Earmarks help fill strategic gaps


POSTED: Thursday, March 25, 2010

I am responsible for a high-tech, 24/7 manufacturing operation on Kauai. We employ 24 people, 22 of whom were hired locally. About two-thirds of our ohana have no college degree. Because of the nature of our business, we are fortunate to be able to provide a wage and benefit package far in excess of typical employment opportunities here on Kauai. Without the earmark process in general, and Sen. Dan Inouye in particular, we wouldn't be here. We would probably be “;over there”; somewhere, benefiting some other community, maybe not even a U.S. community.

Our product is a unique-in-the-world ceramic material that provides solutions to issues in both Department of Defense and commercial applications. Without small, nimble, innovative firms like ours, the DoD would lack adequate innovative resources. The big prime contractors no longer spend such development money. They look to buy innovation from small firms like us.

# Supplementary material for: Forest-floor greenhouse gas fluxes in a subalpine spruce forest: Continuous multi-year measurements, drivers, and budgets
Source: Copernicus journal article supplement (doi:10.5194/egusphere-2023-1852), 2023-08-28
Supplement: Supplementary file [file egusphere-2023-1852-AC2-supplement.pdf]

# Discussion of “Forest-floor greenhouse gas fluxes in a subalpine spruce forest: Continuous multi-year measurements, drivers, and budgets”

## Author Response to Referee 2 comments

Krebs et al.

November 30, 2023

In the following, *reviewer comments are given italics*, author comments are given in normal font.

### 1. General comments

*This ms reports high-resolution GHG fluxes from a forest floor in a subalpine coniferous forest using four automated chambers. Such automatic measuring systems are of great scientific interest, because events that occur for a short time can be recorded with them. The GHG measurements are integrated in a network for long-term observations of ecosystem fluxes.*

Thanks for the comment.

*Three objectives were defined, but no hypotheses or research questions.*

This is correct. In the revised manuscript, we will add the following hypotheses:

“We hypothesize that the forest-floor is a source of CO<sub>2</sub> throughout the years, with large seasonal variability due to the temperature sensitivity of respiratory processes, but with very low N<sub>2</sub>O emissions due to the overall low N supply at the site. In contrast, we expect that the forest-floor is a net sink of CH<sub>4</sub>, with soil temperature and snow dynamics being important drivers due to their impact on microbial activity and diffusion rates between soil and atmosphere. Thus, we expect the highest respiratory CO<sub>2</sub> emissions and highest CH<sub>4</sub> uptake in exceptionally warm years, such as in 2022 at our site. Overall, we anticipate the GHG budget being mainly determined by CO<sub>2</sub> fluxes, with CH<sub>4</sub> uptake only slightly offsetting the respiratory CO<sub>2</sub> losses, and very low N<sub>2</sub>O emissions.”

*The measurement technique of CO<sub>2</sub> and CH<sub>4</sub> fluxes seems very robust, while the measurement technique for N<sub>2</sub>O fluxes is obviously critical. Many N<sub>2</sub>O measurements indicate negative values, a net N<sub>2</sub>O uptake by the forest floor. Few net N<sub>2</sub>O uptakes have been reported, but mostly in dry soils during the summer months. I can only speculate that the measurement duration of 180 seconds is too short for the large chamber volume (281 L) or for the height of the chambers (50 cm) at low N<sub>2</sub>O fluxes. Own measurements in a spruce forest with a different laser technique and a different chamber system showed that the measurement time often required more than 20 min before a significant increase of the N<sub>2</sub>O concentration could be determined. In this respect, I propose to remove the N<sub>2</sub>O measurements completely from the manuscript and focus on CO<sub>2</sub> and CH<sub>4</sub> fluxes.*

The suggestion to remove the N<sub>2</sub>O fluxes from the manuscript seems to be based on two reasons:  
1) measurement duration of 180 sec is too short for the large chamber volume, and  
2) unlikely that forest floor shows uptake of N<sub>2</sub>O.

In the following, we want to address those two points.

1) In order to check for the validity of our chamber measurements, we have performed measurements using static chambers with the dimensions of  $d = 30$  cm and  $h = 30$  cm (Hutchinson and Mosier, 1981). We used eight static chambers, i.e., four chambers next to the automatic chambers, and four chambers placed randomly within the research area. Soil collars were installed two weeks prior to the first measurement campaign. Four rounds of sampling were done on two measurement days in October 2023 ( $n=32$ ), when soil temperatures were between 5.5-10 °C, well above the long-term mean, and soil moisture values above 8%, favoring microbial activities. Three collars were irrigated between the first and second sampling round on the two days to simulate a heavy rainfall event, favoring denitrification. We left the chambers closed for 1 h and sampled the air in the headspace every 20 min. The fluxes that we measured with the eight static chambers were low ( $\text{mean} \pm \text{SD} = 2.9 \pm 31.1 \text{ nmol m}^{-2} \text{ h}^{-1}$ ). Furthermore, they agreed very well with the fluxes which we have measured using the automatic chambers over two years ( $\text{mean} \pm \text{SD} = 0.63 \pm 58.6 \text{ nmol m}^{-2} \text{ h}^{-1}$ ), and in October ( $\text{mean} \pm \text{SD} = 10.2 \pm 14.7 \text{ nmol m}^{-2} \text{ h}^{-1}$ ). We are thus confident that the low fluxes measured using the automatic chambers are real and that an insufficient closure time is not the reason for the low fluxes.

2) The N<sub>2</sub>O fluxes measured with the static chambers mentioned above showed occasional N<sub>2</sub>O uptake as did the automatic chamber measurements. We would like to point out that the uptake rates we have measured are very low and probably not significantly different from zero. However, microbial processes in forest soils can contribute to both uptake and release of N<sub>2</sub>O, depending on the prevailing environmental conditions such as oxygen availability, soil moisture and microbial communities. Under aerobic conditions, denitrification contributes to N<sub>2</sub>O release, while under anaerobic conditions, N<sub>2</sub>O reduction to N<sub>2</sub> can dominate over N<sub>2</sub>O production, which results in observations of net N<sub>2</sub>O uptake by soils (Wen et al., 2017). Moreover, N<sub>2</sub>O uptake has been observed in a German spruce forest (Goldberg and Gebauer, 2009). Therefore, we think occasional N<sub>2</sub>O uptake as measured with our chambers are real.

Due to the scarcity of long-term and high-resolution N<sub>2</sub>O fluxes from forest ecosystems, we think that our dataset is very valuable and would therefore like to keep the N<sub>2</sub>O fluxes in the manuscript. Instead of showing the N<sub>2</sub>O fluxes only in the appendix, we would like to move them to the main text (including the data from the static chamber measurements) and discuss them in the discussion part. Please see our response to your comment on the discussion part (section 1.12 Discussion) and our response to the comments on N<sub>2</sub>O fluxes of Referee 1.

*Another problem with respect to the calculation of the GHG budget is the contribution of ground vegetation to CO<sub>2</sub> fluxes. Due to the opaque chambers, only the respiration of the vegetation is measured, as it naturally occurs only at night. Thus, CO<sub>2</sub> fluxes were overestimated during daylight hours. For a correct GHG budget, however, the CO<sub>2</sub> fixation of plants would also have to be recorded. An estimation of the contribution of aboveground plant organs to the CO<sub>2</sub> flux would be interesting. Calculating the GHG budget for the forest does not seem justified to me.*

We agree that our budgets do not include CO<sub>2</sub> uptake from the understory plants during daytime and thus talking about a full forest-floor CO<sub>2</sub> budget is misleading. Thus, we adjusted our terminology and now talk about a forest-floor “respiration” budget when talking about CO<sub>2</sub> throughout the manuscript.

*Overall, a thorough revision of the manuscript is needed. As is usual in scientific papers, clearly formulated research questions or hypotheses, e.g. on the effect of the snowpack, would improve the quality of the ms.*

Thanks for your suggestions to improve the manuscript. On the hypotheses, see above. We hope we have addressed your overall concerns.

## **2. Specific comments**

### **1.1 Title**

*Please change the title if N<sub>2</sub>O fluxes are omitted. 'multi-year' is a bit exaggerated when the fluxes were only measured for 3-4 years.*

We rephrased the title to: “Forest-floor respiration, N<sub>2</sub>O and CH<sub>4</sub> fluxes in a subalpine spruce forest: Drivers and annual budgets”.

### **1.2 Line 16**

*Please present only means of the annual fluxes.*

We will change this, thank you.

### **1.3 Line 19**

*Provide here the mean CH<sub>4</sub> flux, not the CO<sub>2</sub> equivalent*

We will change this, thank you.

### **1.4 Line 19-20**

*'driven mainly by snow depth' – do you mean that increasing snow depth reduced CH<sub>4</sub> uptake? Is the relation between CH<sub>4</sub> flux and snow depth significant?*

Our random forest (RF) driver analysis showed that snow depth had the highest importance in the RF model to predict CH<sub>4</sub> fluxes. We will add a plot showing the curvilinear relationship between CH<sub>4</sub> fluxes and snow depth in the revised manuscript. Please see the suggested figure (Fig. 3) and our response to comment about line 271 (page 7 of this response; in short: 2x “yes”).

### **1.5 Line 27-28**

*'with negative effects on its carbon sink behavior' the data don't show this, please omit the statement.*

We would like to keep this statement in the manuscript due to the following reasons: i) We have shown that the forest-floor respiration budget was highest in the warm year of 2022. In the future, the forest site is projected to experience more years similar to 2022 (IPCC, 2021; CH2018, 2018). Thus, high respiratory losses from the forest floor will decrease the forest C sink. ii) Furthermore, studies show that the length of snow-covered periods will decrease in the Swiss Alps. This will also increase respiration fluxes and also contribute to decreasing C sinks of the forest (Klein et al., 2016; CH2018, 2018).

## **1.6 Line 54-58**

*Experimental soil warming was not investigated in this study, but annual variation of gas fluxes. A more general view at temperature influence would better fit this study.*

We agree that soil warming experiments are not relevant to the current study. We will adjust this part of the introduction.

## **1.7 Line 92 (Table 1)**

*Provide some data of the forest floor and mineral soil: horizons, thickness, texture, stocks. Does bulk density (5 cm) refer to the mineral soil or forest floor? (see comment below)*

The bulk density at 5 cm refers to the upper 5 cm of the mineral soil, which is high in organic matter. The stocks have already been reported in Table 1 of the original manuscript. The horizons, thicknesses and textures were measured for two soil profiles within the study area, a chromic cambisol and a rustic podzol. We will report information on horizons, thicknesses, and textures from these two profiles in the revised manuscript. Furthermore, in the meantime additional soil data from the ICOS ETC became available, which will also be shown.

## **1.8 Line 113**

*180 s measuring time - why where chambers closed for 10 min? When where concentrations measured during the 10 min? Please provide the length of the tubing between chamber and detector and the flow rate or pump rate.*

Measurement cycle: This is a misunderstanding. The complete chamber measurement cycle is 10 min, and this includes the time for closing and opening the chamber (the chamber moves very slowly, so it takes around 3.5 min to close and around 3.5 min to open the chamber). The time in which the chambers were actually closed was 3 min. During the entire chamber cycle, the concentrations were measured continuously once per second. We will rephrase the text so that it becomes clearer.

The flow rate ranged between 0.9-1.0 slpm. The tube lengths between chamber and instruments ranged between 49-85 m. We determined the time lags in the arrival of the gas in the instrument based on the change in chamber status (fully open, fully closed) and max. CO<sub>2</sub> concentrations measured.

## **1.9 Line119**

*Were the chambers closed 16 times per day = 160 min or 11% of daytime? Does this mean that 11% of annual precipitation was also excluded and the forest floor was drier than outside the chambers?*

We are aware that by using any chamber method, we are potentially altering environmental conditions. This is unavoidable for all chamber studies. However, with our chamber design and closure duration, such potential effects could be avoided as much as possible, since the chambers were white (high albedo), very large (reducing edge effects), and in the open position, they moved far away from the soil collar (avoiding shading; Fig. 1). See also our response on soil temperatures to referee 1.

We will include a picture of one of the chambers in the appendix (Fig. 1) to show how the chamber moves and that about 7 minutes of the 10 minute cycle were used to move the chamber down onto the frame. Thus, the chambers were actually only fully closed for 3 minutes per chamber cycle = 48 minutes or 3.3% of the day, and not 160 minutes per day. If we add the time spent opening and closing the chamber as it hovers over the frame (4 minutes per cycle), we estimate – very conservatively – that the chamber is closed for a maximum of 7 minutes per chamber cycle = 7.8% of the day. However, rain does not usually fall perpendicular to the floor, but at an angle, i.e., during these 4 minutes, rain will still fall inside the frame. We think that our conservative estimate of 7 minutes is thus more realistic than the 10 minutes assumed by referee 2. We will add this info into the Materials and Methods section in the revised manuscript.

The budget submitted to the Congress each year by the president continues the practice of recent decades to seek fiscal accountability by reducing R&D spending. Thankfully there are those in the Congress like Sen. Inouye who recognize that such strategic gaps need to be filled and can marry the filling of those gaps for the country with local imperatives like economic diversification.

In the DoD world, we are providing solutions to prime defense contractors and the government, primarily in the areas of aeronautical and aerospace applications, most having to do with defense of the homeland. In the commercial world, we are a 100-percent exporter from Hawaii with about 15 percent of those exports going outside the U.S. to Europe and Asia.

Finally, I'd like to mention an important and gratifying byproduct of the earmark process—at least here in Hawaii under Sen. Inouye's leadership. In no small part due to his example, our company enjoys a culture that is heavy on community service. Our employees spend countless hours in the community serving in a variety of ministries. Would we have developed such a culture without having known Sen. Inouye? Perhaps. But one thing is certain: It is impossible to spend any amount of time around the senator without being inspired to use your talents to serve.

One more thing: Our operation here on Kauai does not make political contributions. As to what individual employees do in that regard, we know not nor care not. It is never discussed.

David E. Kane is general manager of Trex Advanced Materials in Lihue, Kauai.